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Expert Panel: Leasing

Final thoughts Rob Mills Whether we see pure electric vehicles as being the norm, autonomous vehicles a standard consideration, or car ownership become a thing of the past, one thing is virtually assured and that is fleet managers and operators will still be regularly challenged by legislative, logistical and technological changes. The face of fleet might change, but the pressures of running a robust and future-proofed business will remain the same.

 to identify efficiency savings, its availability increases the liability and responsibility of fleet managers to ensure the vehicle’s health. “Their mindset will need to become more data-driven. Our research, with BT Fleet, the Operational Fleet Insight report, revealed 74 per cent of fleets containing 100-plus vehicles use telematics, but only 33 per cent of them use it to reduce accident rates. This figure will have to be more like 100 per cent as liability shifts from driver to manager, with the spread of autonomous vehicles.” According to DVSA data, since 2007/8, there has been a 20 per cent drop in under25s learning to drive. It is these millennials that will have the right mindset to break the traditional ways of doing things. Mark says: “In terms of attitudes, the millennials who are coming into businesses as the new wave of workforce have a much more open mind towards ‘new ways of getting from A to B’ than the older generation, and I believe they will drive it. “Quite simply, when the infrastructure, technology and attitudes all collide – that’s when it will fly,” Mark adds. Future fleet management With all this change on the horizon, what will fleet management look like in ten years time? Rob Mills compares the changes to travel to the rapid rate of pace in technology over the last decade. He says: “If we look backwards a little over 10 years, the iPhone didn’t exist and 4G mobile internet hadn’t been invented. Compare this to where we are today and it’s easy to

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understand how drastically different the fleet industry might look in ten years’ time. “The pace of change to some degree will depend somewhat on local governments early adoption of these advances as there has to be a concerted effort to improve infrastructure to allow people to choose these alternatives.” Stuart Thomas believes that owning a vehicle will not be as important in the future. He says: “Vehicle ownership is already declining in some major cities. Car sharing and shared ownership services appeal to consumers for whom vehicle ownership would be unaffordable or impractical. Indeed, Europe represents over 50 per cent of the global car sharing markets, with 5.8 million users and 68,000 cars. “This trend is set to trickle through to the fleet sector, as autonomous vehicles begin to become more prominent on our roads. The vehicles may still belong to fleets but will be driven by a range of different drivers, as and when they are required.” With regards to the future of diesel, Mark Gallagher believes it still has a prominent role in fuelling vehicles, especially now that the government has confirmed that petrol and diesel hybrids will still be sold post 2040. He says: “I’m not convinced diesel will disappear from the landscape in the way many expect it to. Technology will continue to make diesel cleaner and for commercial vehicle operators it is likely to remain important. “For these reasons I don’t believe we will be ‘all electric’ in a decade but much closer to zero emission from new vehicles arriving on our roads.” L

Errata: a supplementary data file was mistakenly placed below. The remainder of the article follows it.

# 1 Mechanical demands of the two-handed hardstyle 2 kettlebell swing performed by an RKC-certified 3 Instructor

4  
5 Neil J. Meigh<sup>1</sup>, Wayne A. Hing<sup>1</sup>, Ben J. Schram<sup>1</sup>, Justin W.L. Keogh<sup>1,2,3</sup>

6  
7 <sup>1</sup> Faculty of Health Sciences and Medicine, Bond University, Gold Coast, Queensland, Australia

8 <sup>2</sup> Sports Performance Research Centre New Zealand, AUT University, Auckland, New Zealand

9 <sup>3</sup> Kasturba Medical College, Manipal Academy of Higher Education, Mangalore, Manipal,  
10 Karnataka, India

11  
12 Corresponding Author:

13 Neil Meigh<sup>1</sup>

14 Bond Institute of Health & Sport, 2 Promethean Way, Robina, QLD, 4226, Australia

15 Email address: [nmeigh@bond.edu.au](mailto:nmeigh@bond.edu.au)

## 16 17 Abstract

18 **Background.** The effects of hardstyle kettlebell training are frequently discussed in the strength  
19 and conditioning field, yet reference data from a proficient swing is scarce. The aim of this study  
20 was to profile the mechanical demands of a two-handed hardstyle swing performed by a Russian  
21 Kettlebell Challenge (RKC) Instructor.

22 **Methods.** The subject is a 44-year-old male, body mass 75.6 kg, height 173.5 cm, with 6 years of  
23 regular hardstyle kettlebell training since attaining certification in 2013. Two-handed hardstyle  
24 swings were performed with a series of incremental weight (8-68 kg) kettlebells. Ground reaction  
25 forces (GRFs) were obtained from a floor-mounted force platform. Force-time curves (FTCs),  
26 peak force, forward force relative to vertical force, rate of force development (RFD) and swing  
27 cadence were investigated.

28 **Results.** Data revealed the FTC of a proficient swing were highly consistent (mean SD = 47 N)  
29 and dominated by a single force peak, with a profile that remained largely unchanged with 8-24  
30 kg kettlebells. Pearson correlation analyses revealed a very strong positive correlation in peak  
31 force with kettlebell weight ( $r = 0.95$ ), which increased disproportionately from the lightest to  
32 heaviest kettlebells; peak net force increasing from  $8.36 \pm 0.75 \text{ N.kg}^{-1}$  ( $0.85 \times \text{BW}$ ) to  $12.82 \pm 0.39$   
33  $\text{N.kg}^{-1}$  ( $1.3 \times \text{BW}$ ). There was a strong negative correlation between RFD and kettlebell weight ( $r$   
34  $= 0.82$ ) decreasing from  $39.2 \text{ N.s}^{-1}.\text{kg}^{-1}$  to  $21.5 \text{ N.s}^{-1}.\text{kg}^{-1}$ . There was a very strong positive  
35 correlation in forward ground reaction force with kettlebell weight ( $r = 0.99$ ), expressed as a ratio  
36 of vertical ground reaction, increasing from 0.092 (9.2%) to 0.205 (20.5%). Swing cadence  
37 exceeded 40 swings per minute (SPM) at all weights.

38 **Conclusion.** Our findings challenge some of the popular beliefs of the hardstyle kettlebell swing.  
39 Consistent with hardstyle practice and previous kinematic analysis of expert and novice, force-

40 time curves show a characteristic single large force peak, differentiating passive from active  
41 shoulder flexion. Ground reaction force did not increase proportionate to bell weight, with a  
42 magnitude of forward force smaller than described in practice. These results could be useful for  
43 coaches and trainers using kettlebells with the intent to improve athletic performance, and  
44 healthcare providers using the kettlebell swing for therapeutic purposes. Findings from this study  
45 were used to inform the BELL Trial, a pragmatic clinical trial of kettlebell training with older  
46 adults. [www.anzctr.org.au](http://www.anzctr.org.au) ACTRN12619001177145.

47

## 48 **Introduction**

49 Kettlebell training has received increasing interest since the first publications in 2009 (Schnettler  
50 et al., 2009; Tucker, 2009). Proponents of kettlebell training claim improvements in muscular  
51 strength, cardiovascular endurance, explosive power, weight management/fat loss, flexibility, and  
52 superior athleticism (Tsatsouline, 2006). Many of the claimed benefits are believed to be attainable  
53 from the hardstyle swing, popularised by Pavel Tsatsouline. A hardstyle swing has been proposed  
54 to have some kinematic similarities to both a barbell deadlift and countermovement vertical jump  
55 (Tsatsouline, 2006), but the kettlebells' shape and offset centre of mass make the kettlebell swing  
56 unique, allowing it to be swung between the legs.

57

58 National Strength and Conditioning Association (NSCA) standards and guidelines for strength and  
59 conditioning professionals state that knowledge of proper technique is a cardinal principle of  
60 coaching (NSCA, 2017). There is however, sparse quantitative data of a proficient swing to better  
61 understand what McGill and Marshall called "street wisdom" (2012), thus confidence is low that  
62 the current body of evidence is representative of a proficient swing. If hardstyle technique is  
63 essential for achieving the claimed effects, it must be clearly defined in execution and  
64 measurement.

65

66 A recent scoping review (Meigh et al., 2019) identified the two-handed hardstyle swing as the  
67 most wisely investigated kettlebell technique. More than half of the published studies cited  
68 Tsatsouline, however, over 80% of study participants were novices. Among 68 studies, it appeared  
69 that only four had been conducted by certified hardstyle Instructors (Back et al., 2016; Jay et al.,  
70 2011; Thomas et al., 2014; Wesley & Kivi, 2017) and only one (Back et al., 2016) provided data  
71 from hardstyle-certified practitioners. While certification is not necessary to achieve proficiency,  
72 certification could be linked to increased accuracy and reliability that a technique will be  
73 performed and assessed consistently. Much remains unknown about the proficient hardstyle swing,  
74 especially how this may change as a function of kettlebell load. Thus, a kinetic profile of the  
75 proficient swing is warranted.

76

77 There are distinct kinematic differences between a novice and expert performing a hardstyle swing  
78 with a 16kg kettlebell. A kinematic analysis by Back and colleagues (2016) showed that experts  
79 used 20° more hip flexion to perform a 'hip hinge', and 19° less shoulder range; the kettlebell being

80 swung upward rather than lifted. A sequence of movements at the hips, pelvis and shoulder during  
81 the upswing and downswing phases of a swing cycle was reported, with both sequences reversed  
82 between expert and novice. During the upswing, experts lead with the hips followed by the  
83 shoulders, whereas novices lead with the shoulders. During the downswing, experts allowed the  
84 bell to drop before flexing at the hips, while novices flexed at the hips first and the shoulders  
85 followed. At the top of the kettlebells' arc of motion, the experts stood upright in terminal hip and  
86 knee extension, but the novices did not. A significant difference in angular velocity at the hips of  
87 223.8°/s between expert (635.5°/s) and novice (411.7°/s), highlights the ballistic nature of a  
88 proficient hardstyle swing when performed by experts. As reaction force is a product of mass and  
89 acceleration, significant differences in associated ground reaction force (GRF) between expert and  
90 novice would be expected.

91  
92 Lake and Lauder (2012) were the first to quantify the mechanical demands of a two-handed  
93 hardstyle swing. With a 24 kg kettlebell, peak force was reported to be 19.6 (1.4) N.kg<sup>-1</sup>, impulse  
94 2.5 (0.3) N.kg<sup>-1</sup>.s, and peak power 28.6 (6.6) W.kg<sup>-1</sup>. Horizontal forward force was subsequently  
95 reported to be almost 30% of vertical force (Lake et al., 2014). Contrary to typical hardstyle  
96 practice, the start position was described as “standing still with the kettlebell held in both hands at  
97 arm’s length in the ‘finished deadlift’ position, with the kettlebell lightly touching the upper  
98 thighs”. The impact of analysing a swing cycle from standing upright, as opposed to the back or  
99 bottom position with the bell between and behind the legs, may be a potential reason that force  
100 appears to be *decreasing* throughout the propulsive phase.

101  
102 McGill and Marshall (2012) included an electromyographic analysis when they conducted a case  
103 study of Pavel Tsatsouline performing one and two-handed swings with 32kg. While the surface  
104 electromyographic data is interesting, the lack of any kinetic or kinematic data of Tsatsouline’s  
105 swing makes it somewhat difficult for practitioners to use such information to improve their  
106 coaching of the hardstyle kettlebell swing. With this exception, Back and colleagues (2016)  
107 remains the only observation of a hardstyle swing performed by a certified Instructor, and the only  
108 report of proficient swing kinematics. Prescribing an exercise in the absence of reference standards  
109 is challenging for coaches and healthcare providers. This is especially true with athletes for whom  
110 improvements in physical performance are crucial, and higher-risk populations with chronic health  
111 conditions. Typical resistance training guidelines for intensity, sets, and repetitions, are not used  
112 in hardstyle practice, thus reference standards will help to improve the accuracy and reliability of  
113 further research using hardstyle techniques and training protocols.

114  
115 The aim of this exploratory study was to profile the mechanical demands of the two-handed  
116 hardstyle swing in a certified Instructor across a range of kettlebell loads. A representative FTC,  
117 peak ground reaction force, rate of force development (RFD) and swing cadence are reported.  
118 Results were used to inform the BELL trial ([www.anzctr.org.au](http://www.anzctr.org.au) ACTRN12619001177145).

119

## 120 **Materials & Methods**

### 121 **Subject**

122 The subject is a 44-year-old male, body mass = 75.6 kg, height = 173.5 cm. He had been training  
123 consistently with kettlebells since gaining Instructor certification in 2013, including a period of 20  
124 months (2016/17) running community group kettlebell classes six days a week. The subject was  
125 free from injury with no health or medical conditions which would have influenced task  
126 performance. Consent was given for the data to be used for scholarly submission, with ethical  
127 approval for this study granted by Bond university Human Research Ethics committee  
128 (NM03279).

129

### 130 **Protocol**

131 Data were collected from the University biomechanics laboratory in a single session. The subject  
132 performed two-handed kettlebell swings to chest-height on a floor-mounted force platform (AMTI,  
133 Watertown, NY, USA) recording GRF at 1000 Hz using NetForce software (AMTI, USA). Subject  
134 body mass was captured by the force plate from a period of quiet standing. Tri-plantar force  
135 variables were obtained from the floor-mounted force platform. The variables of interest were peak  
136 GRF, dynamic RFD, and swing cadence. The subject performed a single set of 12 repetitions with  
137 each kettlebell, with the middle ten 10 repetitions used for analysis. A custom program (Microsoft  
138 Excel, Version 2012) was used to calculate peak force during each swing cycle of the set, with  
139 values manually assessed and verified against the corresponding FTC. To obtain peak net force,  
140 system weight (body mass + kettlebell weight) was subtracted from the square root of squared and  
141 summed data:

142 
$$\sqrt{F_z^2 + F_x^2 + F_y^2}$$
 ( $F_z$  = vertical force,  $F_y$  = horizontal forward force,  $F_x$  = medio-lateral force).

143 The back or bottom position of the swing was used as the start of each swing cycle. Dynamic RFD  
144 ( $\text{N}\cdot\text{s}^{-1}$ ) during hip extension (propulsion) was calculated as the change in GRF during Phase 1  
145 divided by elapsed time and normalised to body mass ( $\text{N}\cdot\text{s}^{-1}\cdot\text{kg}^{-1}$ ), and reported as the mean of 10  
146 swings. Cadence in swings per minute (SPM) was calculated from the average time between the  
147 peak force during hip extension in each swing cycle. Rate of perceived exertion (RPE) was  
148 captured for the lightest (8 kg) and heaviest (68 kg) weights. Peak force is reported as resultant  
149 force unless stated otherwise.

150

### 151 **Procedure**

DEDICATED TO PROMOTING A CLEANER ENVIRONMENT | www.greenfleet.net

Mark Gallagher If you look at broader mobility solutions – for example car sharing, hiring a ride on an App, or city car schemes whereby you gain use of a vehicle for just a single journey, the infrastructure needs to grow before this can be used more widely. If you currently live in a major city, its easier to use these things – but even trying to get an Uber in many small rural towns is still impossible. Yet, in terms of attitudes, the millennials who are coming into businesses as the new wave of workforce have a much more open mind towards ‘new ways of getting from A to B’ than the older generation, and I believe they will drive it. Stuart Thomas Vehicle ownership is already declining in some major cities. Car sharing and shared ownership services appeal to consumers for whom vehicle ownership would be unaffordable or impractical. This trend is set to trickle through to the fleet sector, as autonomous vehicles begin to become more prominent on our roads. The vehicles may still belong to fleets but will be driven by a range of different drivers, as and when they are required. The role of the fleet manager has changed significantly; fleet leaders are increasingly becoming mobility providers. Although the issue of vehicle ownership is one that will continue into the long term, the changing role of fleet managers is occurring now.


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The place to turn for companies seeking ‘green fleet’ advice Companies with cars and light commercial vehicles need clarity and direction to help them reach important decisions. Yet they are struggling to unravel the mass of confusing information surrounding electric vehicles, emissions and air quality Mark Gallagher, Grosvenor Leasing